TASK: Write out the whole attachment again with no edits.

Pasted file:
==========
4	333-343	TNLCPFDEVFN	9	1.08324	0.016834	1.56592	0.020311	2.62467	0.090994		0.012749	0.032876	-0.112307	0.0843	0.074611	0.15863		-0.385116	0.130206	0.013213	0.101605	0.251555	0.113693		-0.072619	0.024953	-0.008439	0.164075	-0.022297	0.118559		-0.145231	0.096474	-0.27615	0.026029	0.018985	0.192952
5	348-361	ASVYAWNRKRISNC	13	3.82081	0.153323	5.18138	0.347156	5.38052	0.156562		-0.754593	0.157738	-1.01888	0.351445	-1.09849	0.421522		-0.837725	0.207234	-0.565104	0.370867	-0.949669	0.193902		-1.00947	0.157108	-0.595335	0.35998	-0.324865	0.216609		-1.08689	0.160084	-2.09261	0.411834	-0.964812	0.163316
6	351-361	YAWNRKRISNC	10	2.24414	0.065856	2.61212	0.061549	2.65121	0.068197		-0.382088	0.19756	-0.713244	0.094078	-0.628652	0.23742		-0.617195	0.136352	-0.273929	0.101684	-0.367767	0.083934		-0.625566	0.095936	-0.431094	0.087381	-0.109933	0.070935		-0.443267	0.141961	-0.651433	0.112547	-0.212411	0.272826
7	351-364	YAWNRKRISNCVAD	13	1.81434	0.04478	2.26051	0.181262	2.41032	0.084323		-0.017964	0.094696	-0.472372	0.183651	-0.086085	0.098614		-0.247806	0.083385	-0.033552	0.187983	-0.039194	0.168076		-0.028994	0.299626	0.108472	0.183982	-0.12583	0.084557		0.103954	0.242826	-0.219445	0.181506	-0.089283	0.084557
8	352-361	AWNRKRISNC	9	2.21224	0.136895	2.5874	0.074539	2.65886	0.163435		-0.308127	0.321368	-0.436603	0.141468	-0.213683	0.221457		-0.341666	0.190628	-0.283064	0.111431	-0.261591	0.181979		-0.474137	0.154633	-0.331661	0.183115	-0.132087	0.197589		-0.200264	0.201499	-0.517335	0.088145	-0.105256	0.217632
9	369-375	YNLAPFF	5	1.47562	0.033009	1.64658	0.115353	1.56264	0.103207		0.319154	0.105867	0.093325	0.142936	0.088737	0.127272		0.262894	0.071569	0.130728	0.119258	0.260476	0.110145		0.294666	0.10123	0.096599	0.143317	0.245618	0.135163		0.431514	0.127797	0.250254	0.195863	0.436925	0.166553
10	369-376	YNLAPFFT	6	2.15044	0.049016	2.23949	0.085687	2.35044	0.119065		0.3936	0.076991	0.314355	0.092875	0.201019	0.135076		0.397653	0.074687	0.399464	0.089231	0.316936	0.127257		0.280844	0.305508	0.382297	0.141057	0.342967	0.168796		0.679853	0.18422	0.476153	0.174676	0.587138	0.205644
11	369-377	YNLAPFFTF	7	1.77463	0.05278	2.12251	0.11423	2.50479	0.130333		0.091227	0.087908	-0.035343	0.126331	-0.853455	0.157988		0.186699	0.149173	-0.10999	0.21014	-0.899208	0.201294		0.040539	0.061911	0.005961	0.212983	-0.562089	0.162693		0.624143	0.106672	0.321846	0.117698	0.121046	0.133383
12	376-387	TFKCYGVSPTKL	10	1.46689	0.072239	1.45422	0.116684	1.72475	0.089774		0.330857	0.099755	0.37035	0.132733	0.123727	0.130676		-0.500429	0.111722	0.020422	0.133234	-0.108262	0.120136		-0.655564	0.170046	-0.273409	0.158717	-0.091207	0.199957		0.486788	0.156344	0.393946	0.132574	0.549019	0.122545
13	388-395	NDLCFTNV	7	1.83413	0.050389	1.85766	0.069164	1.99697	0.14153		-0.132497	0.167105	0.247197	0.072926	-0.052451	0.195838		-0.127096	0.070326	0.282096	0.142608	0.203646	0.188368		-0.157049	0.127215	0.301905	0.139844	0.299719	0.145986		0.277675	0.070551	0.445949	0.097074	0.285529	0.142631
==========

4	333-343	TNLCPFDEVFN	9	1.08324	0.016834	1.56592	0.020311	2.62467	0.090994		0.012749	0.032876	-0.112307	0.0843	0.074611	0.15863		-0.385116	0.130206	0.013213	0.101605	0.251555	0.113693		-0.072619	0.024953	-0.008439	0.164075	-0.022297	0.118559		-0.145231	0.096474	-0.27615	0.026029	0.018985	0.192952
5	348-361	ASVYAWNRKRISNC	13	3.82081	0.153323	5.18138	0.347156	5.38052	0.156562		-0.754593	0.157738	-1.01888	0.351445	-1.09849	0.421522		-0.837725	0.207234	-0.565104	0.370867	-0.949669	0.193902		-1.00947	0.157108	-0.595335	0.35998	-0.324865	0.216609		-1.08689	0.160084	-2.09261	0.411834	-0.964812	0.163316
6	351-361	YAWNRKRISNC	10	2.24414	0.065856	2.61212	0.061549	2.65121	0.068197		-0.382088	0.19756	-0.713244	0.094078	-0.628652	0.23742		-0.617195	0.136352	-0.273929	0.101684	-0.367767	0.083934		-0.625566	0.095936	-0.431094	0.087381	-0.109933	0.070935		-0.443267	0.141961	-0.651433	0.112547	-0.212411	0.272826
7	351-364	YAWNRKRISNCVAD	13	1.81434	0.04478	2.26051	0.181262	2.41032	0.084323		-0.017964	0.094696	-0.472372	0.183651	-0.086085	0.098614		-0.247806	0.083385	-0.033552	0.187983	-0.039194	0.168076		-0.028994	0.299626	0.108472	0.183982	-0.12583	0.084557		0.103954	0.242826	-0.219445	0.181506	-0.089283	0.084557
8	352-361	AWNRKRISNC	9	2.21224	0.136895	2.5874	0.074539	2.65886	0.163435		-0.308127	0.321368	-0.436603	0.141468	-0.213683	0.221457		-0.341666	0.190628	-0.283064	0.111431	-0.261591	0.181979		-0.474137	0.154633	-0.331661	0.183115	-0.132087	0.197589		-0.200264	0.201499	-0.517335	0.088145	-0.105256	0.217632
9	369-375	YNLAPFF	5	1.47562	0.033009	1.64658	0.115353	1.56264	0.103207		0.319154	0.105867	0.093325	0.142936	0.088737	0.127272		0.262894	0.071569	0.130728	0.119258	0.260476	0.110145		0.294666	0.10123	0.096599	0.143317	0.245618	0.135163		0.431514	0.127797	0.250254	0.195863	0.436925	0.166553
10	369-376	YNLAPFFT	6	2.15044	0.049016	2.23949	0.085687	2.35044	0.119065		0.3936	0.076991	0.314355	0.092875	0.201019	0.135076		0.397653	0.074687	0.399464	0.089231	0.316936	0.127257		0.280844	0.305508	0.382297	0.141057	0.342967	0.168796		0.679853	0.18422	0.476153	0.174676	0.587138	0.205644
11	369-377	YNLAPFFTF	7	1.77463	0.05278	2.12251	0.11423	2.50479	0.130333		0.091227	0.087908	-0.035343	0.126331	-0.853455	0.157988		0.186699	0.149173	-0.10999	0.21014	-0.899208	0.201294		0.040539	0.061911	0.005961	0.212983	-0.562089	0.162693		0.624143	0.106672	0.321846	0.117698	0.121046	0.133383
12	376-387	TFKCYGVSPTKL	10	1.46689	0.072239	1.45422	0.116684	1.72475	0.089774		0.330857	0.099755	0.37035	0.132733	0.123727	0.130676		-0.500429	0.111722	0.020422	0.133234	-0.108262	0.120136		-0.655564	0.170046	-0.273409	0.158717	-0.091207	0.199957		0.486788	0.156344	0.393946	0.132574	0.549019	0.122545
13	388-395	NDLCFTNV	7	1.83413	0.050389	1.85766	0.069164	1.99697	0.14153		-0.132497	0.167105	0.247197	0.072926	-0.052451	0.195838		-0.127096	0.070326	0.282096	0.142608	0.203646	0.188368		-0.157049	0.127215	0.301905	0.139844	0.299719	0.145986		0.277675	0.070551	0.445949	0.097074	0.285529	0.142631